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Impaired sensorimotor integration in focal hand dystonia patients in the absence of symptoms.
  1. Carolyn C Wu1,
  2. Scott L Fairhall2,
  3. Nicolas A McNair1,
  4. Jeffrey P Hamm1,
  5. Ian J Kirk1,
  6. Ross Cunnington3,
  7. Tim Anderson4,
  8. Vanessa K Lim1,*
  1. 1 Department of Psychology, The University of Auckland, New Zealand;
  2. 2 Neuroimaging Laboratory, Fondazione Santa Lucia IRCCS, Italy;
  3. 3 Queensland Brain Institute and School of Psychology, The University of Queensland, Australia;
  4. 4 Van der Veer Institute for Parkinson's & Brain Research, The University of Otago, New Zealand
  1. Correspondence to: Vanessa Lim, University of Auckland, Department of Psychology, University of Auckland, Auckland, 1142, New Zealand; v.lim{at}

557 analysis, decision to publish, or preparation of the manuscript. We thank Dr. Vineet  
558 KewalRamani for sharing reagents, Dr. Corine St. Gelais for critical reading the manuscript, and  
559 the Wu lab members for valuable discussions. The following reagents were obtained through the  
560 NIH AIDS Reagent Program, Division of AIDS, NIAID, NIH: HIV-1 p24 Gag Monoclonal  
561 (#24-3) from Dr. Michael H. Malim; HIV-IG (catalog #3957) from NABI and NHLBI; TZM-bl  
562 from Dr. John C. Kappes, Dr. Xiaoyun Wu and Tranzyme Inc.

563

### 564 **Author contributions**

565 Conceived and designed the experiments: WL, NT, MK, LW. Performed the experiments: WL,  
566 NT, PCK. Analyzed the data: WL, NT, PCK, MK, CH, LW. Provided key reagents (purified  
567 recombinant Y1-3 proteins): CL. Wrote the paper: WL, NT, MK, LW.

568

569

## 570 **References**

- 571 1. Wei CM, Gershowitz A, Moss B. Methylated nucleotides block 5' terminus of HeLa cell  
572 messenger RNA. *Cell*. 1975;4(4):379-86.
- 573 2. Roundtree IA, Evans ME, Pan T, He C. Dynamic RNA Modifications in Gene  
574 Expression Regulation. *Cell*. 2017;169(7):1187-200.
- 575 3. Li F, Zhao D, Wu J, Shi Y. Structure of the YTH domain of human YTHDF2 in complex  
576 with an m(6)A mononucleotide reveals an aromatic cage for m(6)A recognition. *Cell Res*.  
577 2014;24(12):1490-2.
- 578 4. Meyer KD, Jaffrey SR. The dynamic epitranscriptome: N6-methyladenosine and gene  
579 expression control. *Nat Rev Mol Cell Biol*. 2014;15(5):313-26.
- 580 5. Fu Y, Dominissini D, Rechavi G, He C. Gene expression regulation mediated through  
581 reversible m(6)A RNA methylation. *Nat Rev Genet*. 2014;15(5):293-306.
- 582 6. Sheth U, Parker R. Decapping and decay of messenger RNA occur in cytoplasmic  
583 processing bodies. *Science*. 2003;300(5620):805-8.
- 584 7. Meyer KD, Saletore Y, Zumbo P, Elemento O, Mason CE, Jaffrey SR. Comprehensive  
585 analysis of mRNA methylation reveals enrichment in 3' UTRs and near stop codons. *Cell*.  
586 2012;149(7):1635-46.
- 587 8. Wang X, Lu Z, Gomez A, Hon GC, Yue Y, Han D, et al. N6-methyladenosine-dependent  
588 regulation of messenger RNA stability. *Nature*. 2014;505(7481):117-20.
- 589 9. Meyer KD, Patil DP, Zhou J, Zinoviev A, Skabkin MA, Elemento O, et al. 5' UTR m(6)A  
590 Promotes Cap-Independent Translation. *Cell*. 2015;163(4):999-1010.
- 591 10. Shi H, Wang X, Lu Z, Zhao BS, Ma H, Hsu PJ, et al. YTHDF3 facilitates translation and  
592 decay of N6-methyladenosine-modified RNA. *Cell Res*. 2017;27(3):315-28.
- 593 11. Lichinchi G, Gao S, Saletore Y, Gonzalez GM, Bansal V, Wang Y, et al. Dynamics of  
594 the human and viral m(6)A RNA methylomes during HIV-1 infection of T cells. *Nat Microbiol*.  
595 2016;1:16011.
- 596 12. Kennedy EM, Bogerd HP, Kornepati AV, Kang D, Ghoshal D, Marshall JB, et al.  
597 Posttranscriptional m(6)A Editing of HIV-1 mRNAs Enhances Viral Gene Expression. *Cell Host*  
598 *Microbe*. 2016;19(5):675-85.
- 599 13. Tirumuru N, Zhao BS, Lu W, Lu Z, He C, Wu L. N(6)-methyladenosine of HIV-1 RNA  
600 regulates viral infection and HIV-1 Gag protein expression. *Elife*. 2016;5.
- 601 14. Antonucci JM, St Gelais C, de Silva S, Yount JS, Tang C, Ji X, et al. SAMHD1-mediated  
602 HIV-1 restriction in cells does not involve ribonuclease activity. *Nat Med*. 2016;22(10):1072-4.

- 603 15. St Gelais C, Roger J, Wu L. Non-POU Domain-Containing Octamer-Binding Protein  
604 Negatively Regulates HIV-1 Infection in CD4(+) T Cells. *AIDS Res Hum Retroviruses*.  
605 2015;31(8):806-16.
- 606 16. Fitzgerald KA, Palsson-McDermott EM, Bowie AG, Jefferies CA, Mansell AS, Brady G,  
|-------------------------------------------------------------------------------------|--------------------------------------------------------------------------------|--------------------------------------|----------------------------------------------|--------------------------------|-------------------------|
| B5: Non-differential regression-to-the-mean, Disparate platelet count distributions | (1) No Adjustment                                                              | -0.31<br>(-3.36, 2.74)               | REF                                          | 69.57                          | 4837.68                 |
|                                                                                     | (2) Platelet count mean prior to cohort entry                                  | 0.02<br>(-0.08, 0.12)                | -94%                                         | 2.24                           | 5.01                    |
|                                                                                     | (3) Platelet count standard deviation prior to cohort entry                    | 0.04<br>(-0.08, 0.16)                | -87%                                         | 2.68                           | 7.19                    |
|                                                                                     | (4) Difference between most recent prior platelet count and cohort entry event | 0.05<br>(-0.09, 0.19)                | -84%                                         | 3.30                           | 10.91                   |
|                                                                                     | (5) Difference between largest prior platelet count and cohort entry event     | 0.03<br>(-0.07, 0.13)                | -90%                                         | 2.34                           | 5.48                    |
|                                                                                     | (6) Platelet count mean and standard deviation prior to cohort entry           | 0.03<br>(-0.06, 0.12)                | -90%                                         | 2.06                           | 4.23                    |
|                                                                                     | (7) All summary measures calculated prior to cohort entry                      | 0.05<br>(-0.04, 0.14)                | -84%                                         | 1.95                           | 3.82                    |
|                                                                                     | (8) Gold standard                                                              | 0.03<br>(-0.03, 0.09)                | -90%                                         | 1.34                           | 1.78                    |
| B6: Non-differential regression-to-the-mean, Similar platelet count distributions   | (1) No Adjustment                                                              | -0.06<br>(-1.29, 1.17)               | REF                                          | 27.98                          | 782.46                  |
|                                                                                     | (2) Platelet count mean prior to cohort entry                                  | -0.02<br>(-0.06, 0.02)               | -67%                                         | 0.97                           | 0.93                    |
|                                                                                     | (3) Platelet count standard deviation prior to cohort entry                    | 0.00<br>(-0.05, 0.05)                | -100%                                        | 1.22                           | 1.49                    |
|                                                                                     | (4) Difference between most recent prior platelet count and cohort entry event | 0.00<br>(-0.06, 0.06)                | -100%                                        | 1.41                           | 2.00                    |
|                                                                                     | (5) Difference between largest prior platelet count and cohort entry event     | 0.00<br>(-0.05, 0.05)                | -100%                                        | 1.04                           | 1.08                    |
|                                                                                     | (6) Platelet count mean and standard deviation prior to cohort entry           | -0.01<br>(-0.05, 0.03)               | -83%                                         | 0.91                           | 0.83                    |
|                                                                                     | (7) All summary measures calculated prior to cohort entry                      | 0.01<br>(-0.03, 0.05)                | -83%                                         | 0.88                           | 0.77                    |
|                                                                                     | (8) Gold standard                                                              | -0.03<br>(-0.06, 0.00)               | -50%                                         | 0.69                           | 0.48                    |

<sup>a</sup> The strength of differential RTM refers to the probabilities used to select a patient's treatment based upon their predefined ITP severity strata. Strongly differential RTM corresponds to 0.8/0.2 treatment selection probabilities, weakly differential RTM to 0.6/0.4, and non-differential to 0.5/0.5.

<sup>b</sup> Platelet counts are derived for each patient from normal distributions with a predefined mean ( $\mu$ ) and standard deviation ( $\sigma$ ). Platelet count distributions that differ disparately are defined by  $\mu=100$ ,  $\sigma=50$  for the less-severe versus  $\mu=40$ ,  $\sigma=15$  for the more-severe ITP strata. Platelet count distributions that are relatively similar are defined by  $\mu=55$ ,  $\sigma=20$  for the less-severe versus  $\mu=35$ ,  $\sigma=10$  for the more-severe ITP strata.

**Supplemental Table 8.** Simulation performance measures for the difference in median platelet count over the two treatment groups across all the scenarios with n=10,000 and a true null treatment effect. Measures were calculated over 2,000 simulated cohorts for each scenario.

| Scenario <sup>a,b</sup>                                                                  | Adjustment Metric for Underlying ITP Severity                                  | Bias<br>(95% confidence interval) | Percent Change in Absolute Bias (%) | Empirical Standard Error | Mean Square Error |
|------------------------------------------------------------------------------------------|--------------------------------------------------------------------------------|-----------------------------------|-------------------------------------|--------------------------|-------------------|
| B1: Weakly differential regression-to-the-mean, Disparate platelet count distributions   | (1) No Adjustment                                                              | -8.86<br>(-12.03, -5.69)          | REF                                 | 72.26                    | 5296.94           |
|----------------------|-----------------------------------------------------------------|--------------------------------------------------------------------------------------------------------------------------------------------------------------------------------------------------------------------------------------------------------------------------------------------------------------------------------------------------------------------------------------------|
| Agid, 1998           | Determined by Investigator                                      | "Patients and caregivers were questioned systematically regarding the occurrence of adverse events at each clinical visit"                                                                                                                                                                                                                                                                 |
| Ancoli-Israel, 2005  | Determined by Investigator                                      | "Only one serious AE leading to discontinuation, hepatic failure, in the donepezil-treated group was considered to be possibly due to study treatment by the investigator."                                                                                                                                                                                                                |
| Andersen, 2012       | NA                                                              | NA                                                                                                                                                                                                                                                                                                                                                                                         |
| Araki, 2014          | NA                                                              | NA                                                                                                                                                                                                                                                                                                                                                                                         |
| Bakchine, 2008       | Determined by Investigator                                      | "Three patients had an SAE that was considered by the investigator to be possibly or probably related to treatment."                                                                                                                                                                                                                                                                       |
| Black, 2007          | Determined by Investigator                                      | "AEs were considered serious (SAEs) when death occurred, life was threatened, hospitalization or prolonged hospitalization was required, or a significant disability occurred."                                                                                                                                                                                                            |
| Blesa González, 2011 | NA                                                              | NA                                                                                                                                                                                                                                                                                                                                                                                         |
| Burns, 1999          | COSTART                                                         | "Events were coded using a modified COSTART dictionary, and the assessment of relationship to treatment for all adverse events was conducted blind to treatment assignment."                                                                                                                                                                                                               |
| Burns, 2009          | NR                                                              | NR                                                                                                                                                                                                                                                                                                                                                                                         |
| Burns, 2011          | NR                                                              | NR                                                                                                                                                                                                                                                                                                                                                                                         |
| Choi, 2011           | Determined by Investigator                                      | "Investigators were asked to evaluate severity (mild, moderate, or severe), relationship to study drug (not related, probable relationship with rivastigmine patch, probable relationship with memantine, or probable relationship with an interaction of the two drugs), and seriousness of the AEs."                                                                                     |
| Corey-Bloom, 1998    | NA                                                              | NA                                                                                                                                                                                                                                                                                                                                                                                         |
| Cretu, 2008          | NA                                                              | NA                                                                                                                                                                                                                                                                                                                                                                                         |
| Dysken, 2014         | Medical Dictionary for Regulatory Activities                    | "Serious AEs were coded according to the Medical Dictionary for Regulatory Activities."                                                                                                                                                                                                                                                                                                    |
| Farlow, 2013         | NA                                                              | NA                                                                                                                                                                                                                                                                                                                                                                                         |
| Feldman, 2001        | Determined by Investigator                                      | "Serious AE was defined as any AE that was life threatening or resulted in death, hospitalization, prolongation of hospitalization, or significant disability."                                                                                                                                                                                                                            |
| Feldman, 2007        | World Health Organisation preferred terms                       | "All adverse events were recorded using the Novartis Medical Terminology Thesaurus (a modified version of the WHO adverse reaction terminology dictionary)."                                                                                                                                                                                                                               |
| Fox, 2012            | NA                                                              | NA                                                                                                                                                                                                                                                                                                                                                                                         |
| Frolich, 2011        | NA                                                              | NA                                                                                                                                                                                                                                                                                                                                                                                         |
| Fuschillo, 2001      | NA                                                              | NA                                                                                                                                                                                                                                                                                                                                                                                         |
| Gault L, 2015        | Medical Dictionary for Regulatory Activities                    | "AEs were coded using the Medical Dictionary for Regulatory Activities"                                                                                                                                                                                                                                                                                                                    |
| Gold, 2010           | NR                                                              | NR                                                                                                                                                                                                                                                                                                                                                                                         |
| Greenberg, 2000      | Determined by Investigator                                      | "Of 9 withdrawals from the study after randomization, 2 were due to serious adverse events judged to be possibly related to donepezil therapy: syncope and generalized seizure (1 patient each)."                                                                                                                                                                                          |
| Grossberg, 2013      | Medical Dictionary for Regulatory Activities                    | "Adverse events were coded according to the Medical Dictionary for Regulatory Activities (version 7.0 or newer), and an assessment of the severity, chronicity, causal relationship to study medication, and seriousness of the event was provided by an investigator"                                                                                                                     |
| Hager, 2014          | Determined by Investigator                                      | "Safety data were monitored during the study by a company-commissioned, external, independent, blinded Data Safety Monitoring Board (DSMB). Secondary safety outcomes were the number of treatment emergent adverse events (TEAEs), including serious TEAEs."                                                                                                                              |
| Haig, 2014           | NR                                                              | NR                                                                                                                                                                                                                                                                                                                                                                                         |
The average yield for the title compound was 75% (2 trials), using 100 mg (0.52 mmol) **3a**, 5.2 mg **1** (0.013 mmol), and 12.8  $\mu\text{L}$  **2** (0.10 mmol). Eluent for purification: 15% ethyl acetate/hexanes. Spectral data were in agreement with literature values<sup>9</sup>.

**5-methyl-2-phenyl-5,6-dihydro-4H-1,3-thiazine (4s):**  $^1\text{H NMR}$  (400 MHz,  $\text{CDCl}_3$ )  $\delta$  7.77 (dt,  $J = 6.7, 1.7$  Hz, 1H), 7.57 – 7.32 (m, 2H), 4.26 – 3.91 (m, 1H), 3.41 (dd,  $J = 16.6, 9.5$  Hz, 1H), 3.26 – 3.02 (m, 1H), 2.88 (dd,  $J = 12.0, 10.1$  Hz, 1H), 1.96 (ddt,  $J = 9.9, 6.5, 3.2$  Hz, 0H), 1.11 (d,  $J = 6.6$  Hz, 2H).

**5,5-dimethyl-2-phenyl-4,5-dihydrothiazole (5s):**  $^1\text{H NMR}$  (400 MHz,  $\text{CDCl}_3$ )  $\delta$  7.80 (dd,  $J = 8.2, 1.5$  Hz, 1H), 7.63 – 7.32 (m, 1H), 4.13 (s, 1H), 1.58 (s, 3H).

Functional imaging studies of people with focal hand dystonia (FHD) have indicated abnormal activity in sensorimotor brain regions. Few studies however, have examined FHD during movements that do not provoke symptoms of the disorder. It is possible therefore, that any differences between FHD and controls are confounded by activity due to the occurrence of symptoms. Thus, in order to characterize impairments in FHD patients during movements that do not induce dystonic symptoms, we investigated the neural correlates of externally-paced finger tapping movements. Functional MRI (fMRI) was used to compare FHD patients to controls with respect to activation in networks modulated by task complexity and hand used to perform simple and complex tapping movements. In the “complexity network”, FHD patients showed significantly less activity relative to controls in posterior parietal cortex, medial supplementary motor area (SMA), anterior putamen and cerebellum. In the “hand network”, FHD patients showed less activation than controls in primary motor (M1) and somatosensory (S1) cortices, SMA and cerebellum. Conjunction analysis revealed that FHD patients demonstrated reduced activation in the majority of combined network regions (M1, S1 and cerebellum). Dysfunction in FHD is widespread in both complexity and hand networks and impairments are demonstrated even when performing tasks that do not evoke dystonic symptoms. These results suggest that such impairments are inherent to, rather than symptomatic of, the disorder.

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